NotesFAQContact Us
Search Tips
ERIC Number: ED030176
Record Type: RIE
Publication Date: 1969-Feb
Pages: 22
Abstractor: N/A
Reference Count: 0
The Relationship of Staff Tenure and Administrative Succession to Structural Innovation.
Preising, Paul P.
A mailed questionnaire survey of public high schools in California and Oregon was conducted to determine if differences exist in the length of tenure and the recruitment of personnel in schools stratified on the basis of adoption of four innovations: Teacher aides, team teaching, variation in class size, and variation in length of class period. Rate of response was 64% from California schools and 68% from Oregon schools. Minor distinctions reduced analysis to responses from 105 schools in Oregon and 309 in California. Dependent variables, for which correlation to adoption of innovations was determined, included superintendedt tenture, principal tenure, faculty tenure, district size, school size, and expenditure per pupil. Testing of five major hypotheses indicated that length of tenure of superintendents, principals, and faculty is not significantly correlated with adoption of educational innovations. In California the manner of recruitment of superintendents (from within or outside the system) is supported as a determinant of high, medium, or low structural innovation. Testing of three minor hypotheses generally yielded a positive correlation between the extent of structural innovation and the three variables of mean size of district enrollment, mean size of individual school enrollment, and mean expenditure per pupil. (JK)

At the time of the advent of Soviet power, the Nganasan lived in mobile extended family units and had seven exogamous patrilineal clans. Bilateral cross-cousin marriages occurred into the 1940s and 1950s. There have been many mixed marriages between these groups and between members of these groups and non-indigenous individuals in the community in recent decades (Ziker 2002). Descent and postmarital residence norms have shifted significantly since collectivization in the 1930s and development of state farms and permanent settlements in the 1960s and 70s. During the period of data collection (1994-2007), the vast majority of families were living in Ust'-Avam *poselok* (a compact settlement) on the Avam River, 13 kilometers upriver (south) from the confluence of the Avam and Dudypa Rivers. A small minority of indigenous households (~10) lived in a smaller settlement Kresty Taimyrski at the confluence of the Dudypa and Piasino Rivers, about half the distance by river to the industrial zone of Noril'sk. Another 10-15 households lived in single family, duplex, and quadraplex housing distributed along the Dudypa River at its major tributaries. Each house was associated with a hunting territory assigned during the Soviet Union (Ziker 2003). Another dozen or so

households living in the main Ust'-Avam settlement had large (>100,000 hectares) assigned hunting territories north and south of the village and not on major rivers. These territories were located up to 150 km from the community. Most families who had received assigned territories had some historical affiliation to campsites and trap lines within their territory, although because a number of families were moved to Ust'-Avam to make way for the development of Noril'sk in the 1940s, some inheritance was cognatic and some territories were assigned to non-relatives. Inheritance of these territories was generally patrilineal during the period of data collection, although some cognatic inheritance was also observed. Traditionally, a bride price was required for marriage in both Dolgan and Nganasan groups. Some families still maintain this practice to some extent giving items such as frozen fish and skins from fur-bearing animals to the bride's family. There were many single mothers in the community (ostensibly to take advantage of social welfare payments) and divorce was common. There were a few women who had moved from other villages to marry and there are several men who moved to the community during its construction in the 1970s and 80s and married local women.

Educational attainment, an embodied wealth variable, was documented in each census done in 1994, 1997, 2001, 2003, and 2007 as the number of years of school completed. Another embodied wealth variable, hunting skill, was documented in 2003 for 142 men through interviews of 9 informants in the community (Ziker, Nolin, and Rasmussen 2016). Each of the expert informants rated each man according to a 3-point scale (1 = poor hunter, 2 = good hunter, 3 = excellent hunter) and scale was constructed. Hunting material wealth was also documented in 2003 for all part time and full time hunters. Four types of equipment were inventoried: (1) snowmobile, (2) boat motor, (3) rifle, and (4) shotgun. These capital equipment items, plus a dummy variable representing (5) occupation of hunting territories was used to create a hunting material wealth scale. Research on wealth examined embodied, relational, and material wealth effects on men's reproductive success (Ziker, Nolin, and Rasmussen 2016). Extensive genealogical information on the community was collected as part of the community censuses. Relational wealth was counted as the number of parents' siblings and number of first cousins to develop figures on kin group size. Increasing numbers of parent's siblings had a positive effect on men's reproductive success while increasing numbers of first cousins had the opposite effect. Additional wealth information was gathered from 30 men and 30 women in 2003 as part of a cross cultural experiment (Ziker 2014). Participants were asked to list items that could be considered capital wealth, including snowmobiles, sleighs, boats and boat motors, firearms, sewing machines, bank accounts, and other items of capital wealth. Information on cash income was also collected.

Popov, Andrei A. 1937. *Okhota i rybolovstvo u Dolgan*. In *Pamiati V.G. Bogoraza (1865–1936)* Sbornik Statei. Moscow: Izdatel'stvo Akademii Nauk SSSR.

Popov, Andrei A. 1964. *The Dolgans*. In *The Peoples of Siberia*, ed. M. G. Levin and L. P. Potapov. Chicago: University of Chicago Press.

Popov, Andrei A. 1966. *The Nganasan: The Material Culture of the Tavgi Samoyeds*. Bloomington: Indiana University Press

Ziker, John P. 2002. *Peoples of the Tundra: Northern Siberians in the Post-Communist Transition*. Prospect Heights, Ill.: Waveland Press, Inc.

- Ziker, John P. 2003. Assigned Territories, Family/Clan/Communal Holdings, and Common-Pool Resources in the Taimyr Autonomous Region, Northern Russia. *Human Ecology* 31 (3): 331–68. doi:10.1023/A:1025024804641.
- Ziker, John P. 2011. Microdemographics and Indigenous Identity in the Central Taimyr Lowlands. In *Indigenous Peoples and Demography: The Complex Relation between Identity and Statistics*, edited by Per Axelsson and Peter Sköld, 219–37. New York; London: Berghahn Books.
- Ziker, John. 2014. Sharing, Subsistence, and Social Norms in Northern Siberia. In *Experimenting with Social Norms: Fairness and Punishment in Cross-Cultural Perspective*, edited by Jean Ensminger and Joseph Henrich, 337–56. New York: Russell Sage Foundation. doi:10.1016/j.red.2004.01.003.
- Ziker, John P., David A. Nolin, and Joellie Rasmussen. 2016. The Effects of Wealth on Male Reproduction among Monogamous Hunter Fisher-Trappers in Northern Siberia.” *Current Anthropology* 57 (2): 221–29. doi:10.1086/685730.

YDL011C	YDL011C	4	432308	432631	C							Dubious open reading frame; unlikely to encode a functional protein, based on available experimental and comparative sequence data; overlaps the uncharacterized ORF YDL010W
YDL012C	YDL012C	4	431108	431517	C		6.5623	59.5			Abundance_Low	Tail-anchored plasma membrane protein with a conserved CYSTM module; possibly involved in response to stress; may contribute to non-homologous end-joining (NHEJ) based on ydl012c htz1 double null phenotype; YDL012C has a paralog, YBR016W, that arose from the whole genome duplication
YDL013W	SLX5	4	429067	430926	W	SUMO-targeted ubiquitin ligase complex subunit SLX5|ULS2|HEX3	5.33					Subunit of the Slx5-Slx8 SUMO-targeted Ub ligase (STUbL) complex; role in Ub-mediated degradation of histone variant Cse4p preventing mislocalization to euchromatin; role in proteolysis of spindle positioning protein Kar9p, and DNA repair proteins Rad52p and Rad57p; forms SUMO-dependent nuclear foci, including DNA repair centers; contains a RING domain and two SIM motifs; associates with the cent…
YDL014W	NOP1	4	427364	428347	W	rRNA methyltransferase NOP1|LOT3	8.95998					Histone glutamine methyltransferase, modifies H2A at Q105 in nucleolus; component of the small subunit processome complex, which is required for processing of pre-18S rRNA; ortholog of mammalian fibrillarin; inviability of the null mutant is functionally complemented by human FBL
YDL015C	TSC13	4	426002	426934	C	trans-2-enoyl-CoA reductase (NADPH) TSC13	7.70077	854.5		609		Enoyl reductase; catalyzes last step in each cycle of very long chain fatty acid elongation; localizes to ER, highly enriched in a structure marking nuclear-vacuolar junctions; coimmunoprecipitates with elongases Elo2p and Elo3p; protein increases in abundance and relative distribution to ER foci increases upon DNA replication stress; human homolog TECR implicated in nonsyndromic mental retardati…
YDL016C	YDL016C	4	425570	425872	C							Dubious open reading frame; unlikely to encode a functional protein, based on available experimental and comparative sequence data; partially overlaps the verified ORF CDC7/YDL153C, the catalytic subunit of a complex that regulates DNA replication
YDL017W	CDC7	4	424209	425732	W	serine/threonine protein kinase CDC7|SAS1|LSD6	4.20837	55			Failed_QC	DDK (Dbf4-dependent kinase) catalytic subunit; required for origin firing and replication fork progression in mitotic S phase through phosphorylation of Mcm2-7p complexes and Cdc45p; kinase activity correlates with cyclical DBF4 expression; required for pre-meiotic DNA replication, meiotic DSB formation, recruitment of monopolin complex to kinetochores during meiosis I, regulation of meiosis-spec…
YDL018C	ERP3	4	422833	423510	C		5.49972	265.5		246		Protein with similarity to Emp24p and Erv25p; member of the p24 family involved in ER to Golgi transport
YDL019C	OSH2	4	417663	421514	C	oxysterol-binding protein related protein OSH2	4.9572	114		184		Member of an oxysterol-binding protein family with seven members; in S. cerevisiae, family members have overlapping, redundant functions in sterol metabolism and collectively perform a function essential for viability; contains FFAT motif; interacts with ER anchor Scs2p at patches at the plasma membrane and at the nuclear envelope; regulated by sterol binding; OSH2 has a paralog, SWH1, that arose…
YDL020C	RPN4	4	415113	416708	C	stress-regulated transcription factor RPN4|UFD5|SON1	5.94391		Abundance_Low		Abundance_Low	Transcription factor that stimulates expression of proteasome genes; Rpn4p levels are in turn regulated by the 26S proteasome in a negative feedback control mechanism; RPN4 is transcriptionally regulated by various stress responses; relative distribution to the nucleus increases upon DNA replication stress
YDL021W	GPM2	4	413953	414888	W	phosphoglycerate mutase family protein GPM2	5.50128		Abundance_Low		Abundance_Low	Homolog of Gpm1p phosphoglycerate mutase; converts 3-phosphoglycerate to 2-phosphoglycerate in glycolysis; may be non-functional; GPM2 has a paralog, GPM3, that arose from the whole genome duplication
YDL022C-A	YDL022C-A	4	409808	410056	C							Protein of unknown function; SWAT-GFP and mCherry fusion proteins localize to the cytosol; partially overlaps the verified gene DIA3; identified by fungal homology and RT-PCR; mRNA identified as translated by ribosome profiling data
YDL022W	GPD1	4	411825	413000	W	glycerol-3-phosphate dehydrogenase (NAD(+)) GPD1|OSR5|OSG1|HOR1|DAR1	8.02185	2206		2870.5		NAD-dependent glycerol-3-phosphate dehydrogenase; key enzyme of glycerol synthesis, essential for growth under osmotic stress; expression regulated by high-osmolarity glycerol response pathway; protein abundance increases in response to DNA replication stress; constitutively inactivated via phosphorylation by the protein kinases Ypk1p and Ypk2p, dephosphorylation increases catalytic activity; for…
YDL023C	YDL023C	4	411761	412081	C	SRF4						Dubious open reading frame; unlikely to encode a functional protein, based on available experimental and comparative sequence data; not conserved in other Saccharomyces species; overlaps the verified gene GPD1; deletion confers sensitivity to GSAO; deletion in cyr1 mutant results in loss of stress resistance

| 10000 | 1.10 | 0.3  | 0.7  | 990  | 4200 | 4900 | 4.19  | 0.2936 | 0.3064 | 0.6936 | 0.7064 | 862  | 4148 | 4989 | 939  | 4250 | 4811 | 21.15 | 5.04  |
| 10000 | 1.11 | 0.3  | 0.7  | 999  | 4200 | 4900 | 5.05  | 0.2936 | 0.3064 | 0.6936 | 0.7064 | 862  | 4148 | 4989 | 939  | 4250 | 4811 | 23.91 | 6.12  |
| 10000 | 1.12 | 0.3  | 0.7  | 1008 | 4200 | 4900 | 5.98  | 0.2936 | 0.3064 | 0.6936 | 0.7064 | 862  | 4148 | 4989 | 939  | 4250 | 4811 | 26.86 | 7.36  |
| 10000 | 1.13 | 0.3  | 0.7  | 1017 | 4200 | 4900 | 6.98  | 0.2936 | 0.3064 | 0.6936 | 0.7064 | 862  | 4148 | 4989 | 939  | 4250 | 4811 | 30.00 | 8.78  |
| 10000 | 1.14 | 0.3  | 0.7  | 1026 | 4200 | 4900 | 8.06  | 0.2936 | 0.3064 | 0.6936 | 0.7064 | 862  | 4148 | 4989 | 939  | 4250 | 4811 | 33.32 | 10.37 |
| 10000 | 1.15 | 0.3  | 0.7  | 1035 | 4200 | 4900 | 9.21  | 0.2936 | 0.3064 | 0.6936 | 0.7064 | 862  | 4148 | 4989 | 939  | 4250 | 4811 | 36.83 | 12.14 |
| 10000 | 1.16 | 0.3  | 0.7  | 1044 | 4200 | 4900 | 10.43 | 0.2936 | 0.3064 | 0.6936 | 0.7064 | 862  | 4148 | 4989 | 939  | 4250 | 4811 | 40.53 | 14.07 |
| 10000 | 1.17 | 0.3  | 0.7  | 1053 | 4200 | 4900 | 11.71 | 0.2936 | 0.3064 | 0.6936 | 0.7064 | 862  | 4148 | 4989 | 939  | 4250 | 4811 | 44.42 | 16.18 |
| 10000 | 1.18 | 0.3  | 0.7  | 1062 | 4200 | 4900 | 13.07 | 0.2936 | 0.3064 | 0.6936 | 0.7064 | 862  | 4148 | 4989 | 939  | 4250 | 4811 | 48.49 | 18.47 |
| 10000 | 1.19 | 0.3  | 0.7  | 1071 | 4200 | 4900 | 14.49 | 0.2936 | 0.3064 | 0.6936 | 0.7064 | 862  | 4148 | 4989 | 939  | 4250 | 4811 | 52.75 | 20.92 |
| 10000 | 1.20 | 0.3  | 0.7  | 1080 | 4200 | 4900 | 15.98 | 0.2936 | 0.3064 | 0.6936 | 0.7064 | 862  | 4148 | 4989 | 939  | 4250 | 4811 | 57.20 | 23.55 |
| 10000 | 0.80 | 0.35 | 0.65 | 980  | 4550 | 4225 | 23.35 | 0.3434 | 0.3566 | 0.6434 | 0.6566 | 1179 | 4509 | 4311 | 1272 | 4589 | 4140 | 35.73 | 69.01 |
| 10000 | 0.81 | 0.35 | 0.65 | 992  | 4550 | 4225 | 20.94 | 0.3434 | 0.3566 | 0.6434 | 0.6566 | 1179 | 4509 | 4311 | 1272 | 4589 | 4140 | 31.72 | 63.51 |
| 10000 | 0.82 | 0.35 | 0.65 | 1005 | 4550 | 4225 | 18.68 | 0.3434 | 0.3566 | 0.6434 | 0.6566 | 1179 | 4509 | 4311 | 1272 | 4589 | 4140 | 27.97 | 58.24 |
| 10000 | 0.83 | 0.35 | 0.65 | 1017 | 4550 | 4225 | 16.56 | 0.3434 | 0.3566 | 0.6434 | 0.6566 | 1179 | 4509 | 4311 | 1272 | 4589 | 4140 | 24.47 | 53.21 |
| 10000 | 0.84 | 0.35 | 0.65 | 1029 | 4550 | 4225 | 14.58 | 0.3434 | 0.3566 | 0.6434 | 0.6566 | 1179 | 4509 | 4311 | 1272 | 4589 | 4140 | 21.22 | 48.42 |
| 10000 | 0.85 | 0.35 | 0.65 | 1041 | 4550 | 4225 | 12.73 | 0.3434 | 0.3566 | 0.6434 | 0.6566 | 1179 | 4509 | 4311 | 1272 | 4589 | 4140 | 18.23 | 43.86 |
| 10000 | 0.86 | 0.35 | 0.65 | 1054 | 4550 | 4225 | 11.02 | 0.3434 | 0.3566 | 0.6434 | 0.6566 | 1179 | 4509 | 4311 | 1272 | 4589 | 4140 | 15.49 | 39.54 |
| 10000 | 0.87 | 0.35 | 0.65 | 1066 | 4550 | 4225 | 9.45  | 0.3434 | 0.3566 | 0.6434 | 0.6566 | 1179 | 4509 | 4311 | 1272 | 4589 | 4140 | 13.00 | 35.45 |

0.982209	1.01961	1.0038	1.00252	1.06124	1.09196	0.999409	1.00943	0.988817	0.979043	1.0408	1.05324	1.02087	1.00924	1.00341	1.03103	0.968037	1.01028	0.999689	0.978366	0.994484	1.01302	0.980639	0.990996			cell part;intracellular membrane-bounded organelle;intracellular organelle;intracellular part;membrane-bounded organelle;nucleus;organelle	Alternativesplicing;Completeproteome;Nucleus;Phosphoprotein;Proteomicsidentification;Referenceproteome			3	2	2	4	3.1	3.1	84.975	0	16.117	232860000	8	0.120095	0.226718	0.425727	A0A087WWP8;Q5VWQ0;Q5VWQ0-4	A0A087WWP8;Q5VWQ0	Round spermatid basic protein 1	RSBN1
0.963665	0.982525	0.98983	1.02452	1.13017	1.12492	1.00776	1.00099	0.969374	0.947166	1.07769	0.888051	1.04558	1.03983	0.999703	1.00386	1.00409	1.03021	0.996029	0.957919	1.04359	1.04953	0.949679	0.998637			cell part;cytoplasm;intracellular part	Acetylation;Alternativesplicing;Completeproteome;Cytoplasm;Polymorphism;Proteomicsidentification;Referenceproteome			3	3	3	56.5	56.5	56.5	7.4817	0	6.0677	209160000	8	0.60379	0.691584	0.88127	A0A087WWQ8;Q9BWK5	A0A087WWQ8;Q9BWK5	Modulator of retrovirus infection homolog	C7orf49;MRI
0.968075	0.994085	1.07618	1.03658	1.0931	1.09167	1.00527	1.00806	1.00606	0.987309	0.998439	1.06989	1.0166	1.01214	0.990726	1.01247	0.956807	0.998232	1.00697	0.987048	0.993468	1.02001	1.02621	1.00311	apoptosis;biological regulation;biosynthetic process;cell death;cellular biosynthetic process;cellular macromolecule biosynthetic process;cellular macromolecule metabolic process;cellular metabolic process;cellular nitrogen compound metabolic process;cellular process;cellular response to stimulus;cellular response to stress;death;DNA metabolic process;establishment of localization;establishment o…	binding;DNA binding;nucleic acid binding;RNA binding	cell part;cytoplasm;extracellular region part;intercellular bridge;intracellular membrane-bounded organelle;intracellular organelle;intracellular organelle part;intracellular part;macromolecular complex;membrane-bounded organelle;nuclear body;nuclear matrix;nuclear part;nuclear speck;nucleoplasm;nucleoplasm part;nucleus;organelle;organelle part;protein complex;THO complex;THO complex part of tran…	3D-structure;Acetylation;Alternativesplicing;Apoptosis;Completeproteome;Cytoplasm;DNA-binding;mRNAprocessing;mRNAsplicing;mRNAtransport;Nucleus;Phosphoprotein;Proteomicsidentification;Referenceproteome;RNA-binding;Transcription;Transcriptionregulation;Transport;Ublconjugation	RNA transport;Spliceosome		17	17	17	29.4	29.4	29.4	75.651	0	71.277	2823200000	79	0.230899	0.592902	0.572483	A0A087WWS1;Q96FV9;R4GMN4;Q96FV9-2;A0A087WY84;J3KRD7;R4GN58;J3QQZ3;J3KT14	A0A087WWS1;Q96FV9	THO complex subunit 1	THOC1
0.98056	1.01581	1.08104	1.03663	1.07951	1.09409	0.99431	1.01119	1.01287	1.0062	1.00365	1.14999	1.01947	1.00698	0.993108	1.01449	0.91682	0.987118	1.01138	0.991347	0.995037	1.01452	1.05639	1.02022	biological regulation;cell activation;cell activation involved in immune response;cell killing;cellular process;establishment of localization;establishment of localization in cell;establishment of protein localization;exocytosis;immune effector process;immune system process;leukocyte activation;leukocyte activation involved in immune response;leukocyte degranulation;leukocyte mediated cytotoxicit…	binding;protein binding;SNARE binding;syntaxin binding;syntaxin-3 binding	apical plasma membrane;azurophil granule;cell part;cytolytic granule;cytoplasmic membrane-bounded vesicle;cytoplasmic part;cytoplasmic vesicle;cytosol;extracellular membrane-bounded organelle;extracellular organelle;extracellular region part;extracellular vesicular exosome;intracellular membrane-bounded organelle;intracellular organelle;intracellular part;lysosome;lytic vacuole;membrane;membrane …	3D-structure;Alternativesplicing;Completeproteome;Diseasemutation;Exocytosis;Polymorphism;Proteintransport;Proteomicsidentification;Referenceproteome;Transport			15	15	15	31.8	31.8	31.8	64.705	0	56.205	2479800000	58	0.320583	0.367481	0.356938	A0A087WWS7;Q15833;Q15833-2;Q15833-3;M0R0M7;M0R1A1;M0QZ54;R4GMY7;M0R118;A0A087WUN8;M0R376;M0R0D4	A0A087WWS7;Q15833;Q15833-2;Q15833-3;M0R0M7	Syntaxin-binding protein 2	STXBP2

Publication Type: N/A
Education Level: N/A
Audience: N/A
Language: N/A
Sponsor: N/A
Authoring Institution: N/A
Note: Paper presented at the Annual Meeting of the Amer. Educ. Res. Assn. (Los Angeles, Calif., Feb. 5-8, 1969).